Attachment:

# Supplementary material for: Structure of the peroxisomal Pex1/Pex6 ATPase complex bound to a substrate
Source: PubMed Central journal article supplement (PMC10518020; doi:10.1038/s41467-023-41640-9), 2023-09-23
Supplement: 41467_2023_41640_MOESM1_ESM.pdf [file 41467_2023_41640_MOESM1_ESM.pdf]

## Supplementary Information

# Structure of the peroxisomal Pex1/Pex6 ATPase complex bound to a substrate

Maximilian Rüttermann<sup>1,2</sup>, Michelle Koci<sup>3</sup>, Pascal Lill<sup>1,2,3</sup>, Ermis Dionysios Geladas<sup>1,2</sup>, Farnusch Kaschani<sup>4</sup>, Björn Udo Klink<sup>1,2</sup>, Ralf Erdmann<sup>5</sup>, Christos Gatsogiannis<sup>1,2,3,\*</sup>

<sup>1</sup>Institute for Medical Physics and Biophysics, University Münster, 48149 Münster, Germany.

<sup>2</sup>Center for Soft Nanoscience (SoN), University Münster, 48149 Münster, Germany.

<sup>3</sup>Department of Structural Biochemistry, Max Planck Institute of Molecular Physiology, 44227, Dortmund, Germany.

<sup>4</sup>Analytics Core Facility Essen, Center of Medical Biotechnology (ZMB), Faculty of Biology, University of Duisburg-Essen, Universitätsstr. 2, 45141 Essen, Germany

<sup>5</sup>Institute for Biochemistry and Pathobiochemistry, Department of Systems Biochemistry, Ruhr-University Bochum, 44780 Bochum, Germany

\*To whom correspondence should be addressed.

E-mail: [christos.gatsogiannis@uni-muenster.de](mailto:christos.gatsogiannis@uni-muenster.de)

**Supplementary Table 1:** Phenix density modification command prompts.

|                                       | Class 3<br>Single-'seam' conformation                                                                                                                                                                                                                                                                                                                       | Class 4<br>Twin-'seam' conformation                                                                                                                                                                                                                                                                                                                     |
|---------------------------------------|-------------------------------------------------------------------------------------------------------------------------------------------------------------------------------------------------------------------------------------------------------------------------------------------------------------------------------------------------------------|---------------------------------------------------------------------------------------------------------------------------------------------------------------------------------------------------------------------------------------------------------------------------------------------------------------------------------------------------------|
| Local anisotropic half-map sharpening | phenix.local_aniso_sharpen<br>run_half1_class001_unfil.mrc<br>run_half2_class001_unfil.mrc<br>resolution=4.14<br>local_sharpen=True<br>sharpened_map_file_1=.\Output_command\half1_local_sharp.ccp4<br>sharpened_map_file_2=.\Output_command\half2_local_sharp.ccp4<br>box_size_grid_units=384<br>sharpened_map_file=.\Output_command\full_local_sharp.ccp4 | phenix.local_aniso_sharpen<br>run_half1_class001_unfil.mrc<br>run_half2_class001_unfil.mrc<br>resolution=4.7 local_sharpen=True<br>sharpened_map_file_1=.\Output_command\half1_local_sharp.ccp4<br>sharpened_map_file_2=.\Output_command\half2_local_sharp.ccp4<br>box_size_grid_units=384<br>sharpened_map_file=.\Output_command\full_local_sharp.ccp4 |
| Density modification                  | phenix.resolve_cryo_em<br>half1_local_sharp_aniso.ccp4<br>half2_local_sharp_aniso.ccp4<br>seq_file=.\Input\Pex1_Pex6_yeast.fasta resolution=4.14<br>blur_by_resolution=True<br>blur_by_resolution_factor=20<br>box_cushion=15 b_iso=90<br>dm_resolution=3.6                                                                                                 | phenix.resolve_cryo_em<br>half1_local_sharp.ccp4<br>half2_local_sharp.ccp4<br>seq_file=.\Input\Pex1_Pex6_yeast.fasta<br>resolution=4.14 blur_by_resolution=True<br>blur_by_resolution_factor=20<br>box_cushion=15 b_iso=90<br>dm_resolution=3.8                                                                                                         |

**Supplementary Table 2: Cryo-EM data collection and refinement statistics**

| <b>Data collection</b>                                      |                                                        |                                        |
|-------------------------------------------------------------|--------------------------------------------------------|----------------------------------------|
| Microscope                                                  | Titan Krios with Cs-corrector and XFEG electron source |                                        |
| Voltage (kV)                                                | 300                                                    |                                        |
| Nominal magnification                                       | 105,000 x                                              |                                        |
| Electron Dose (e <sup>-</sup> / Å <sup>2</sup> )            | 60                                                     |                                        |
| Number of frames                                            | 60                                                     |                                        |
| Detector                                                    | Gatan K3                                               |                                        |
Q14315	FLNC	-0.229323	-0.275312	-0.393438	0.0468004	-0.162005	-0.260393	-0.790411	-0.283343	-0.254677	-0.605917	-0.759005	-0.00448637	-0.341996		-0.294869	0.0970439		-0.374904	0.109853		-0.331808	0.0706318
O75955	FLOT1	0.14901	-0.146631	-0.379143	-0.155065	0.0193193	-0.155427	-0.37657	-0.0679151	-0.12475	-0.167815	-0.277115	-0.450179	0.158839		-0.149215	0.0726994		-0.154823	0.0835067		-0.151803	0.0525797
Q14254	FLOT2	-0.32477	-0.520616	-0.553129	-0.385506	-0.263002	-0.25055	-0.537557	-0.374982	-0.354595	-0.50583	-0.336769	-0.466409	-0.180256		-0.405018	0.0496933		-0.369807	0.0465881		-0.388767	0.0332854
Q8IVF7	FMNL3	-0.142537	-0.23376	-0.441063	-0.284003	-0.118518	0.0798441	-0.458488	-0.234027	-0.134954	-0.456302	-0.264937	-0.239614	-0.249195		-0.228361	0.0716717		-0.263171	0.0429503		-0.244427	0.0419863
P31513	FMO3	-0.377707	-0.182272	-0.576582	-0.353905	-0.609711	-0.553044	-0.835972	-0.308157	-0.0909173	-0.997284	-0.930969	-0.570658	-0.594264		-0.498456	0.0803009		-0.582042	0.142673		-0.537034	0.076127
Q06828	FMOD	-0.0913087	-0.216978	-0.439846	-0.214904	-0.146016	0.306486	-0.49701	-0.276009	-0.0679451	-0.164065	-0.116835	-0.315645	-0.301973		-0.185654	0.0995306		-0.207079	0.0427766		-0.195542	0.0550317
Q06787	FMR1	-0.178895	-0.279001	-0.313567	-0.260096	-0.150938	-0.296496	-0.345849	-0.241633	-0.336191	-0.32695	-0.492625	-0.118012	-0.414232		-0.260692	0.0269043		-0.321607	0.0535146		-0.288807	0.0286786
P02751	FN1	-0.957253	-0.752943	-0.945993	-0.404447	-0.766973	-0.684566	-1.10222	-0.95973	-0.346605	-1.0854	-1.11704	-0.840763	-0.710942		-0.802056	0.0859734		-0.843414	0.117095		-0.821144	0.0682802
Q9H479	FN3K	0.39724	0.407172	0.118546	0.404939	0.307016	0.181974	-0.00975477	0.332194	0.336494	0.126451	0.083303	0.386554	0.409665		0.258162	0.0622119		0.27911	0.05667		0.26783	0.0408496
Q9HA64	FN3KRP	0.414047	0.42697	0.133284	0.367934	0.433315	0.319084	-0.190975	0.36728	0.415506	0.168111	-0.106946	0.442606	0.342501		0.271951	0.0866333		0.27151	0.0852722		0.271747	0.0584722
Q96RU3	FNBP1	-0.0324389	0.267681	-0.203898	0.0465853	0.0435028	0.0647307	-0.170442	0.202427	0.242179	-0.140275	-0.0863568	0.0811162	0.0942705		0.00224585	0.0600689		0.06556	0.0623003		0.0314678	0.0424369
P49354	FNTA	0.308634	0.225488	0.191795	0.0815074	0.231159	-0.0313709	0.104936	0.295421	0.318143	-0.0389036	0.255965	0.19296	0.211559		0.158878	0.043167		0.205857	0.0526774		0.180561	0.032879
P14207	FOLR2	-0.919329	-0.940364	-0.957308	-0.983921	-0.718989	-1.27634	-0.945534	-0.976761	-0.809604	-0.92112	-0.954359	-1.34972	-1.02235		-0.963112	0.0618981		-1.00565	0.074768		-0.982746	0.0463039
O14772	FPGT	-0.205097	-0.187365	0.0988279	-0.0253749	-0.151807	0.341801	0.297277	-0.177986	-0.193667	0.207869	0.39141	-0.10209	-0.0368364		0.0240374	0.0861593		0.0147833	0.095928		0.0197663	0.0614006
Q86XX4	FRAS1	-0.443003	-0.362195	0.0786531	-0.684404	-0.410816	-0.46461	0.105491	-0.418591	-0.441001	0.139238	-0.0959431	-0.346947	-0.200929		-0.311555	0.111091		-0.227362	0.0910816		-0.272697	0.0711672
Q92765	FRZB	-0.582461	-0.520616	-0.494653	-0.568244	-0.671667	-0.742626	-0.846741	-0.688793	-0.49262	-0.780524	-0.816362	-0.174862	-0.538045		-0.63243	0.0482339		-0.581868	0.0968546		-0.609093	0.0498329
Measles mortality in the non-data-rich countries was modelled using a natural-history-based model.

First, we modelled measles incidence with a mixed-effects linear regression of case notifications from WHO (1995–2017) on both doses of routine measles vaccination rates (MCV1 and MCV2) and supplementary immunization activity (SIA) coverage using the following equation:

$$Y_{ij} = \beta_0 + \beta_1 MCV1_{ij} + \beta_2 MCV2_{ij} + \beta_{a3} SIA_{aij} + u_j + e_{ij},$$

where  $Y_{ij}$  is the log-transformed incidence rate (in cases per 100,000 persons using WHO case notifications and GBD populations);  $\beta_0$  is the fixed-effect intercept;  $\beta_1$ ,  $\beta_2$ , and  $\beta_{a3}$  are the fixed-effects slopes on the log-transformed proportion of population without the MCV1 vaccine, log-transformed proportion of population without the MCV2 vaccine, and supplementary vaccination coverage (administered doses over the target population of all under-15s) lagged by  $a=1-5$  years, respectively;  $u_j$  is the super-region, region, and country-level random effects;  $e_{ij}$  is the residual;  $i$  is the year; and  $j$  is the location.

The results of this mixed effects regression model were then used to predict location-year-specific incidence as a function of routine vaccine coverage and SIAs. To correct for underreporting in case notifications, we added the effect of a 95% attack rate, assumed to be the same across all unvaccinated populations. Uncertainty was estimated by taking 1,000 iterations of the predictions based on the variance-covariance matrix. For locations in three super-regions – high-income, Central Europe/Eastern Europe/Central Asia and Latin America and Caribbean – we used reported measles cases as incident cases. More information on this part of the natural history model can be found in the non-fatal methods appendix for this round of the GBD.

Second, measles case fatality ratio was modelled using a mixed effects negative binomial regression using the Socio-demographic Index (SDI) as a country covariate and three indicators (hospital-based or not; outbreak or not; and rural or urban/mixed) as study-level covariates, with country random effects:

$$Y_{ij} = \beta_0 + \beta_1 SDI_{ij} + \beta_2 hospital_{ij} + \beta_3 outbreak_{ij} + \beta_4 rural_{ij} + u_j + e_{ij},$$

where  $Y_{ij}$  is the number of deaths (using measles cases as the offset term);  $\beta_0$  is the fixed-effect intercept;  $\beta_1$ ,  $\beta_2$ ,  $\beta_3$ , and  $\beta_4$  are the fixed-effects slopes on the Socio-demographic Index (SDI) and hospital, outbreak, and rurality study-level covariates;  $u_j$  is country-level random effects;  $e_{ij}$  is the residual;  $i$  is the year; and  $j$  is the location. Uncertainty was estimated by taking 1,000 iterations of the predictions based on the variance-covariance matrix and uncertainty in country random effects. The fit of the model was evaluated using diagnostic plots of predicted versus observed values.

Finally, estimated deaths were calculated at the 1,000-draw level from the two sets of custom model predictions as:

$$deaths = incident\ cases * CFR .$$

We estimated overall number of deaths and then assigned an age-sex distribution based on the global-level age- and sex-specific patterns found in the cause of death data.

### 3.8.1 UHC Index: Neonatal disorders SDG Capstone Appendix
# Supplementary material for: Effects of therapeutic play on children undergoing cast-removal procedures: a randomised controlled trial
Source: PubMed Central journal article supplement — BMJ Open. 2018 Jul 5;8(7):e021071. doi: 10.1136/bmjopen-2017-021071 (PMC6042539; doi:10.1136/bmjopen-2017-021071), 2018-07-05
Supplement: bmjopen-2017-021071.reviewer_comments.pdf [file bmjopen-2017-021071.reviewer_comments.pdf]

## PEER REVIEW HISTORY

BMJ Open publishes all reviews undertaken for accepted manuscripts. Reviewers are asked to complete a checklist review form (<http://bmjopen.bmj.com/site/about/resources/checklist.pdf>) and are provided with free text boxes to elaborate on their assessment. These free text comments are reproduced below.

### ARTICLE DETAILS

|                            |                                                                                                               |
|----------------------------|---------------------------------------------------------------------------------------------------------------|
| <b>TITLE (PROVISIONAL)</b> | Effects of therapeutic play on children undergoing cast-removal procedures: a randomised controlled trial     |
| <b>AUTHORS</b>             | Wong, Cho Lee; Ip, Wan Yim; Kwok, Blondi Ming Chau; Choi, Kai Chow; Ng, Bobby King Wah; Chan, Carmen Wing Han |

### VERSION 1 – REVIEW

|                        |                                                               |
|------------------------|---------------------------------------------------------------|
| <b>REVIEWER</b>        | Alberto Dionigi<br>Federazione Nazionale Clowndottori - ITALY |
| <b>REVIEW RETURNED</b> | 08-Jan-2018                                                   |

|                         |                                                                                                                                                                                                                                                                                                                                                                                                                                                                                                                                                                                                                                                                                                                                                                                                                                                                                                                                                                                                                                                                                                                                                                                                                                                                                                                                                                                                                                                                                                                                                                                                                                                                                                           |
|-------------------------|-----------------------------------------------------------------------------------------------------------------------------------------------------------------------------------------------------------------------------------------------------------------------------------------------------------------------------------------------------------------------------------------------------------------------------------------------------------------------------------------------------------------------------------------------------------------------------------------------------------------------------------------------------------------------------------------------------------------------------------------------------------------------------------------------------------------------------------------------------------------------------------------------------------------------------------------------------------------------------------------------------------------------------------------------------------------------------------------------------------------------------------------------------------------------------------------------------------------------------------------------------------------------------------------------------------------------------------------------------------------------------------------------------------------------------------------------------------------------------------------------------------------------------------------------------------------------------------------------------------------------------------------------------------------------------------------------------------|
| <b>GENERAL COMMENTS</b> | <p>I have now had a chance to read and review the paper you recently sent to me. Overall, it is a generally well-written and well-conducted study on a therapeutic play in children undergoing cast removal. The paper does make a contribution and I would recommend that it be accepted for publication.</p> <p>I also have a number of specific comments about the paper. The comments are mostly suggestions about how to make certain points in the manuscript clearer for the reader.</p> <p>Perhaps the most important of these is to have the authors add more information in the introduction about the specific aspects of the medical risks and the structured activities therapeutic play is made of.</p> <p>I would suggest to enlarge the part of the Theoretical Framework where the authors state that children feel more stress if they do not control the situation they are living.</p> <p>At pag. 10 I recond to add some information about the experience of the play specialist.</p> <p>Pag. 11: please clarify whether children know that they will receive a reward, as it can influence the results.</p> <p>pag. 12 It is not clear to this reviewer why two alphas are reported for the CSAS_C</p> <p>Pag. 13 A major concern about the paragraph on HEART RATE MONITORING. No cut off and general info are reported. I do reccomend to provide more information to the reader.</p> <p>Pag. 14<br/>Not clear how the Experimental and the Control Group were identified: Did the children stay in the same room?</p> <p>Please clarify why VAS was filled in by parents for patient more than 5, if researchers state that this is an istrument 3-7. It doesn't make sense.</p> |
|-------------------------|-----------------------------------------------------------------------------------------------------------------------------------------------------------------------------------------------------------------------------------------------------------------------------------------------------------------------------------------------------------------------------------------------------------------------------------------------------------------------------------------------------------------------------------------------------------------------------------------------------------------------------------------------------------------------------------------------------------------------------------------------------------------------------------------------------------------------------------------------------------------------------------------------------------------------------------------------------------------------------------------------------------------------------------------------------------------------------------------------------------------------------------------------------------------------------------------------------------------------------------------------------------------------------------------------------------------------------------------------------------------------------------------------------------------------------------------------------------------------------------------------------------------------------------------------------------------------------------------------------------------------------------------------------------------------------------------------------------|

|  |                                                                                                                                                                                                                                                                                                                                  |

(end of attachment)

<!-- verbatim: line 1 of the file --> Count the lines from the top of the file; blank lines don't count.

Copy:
# Supplementary material for: Structure of the peroxisomal Pex1/Pex6 ATPase complex bound to a substrate